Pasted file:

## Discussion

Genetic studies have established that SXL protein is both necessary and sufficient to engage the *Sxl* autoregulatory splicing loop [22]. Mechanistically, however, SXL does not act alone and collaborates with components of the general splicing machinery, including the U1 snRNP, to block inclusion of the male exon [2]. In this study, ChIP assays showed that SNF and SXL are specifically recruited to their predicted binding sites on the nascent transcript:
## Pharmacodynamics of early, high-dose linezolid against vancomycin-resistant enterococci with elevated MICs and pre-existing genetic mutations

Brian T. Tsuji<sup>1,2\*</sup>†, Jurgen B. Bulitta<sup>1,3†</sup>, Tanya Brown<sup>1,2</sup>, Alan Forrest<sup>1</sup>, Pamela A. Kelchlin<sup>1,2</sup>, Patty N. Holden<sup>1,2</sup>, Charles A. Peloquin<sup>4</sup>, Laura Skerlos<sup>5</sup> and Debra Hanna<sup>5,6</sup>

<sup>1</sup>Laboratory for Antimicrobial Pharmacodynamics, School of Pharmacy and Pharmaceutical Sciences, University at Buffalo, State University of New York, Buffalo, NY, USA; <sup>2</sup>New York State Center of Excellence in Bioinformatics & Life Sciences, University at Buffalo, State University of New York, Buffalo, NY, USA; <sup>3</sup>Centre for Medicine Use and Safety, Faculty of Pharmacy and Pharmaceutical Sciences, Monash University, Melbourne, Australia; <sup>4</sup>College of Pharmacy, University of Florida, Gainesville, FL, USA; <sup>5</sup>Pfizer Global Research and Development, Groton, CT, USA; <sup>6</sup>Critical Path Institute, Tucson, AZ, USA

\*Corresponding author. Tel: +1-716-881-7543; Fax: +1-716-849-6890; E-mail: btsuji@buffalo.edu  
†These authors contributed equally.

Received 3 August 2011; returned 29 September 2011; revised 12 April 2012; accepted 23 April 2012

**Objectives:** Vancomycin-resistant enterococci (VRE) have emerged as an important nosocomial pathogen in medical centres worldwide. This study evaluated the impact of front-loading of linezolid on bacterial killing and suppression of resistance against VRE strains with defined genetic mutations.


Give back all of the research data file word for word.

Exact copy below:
## Discussion

Genetic studies have established that SXL protein is both necessary and sufficient to engage the *Sxl* autoregulatory splicing loop [22]. Mechanistically, however, SXL does not act alone and collaborates with components of the general splicing machinery, including the U1 snRNP, to block inclusion of the male exon [2]. In this study, ChIP assays showed that SNF and SXL are specifically recruited to their predicted binding sites on the nascent transcript:
## Pharmacodynamics of early, high-dose linezolid against vancomycin-resistant enterococci with elevated MICs and pre-existing genetic mutations

Brian T. Tsuji<sup>1,2\*</sup>†, Jurgen B. Bulitta<sup>1,3†</sup>, Tanya Brown<sup>1,2</sup>, Alan Forrest<sup>1</sup>, Pamela A. Kelchlin<sup>1,2</sup>, Patty N. Holden<sup>1,2</sup>, Charles A. Peloquin<sup>4</sup>, Laura Skerlos<sup>5</sup> and Debra Hanna<sup>5,6</sup>

<sup>1</sup>Laboratory for Antimicrobial Pharmacodynamics, School of Pharmacy and Pharmaceutical Sciences, University at Buffalo, State University of New York, Buffalo, NY, USA; <sup>2</sup>New York State Center of Excellence in Bioinformatics & Life Sciences, University at Buffalo, State University of New York, Buffalo, NY, USA; <sup>3</sup>Centre for Medicine Use and Safety, Faculty of Pharmacy and Pharmaceutical Sciences, Monash University, Melbourne, Australia; <sup>4</sup>College of Pharmacy, University of Florida, Gainesville, FL, USA; <sup>5</sup>Pfizer Global Research and Development, Groton, CT, USA; <sup>6</sup>Critical Path Institute, Tucson, AZ, USA

\*Corresponding author. Tel: +1-716-881-7543; Fax: +1-716-849-6890; E-mail: btsuji@buffalo.edu  
†These authors contributed equally.

Received 3 August 2011; returned 29 September 2011; revised 12 April 2012; accepted 23 April 2012

**Objectives:** Vancomycin-resistant enterococci (VRE) have emerged as an important nosocomial pathogen in medical centres worldwide. This study evaluated the impact of front-loading of linezolid on bacterial killing and suppression of resistance against VRE strains with defined genetic mutations.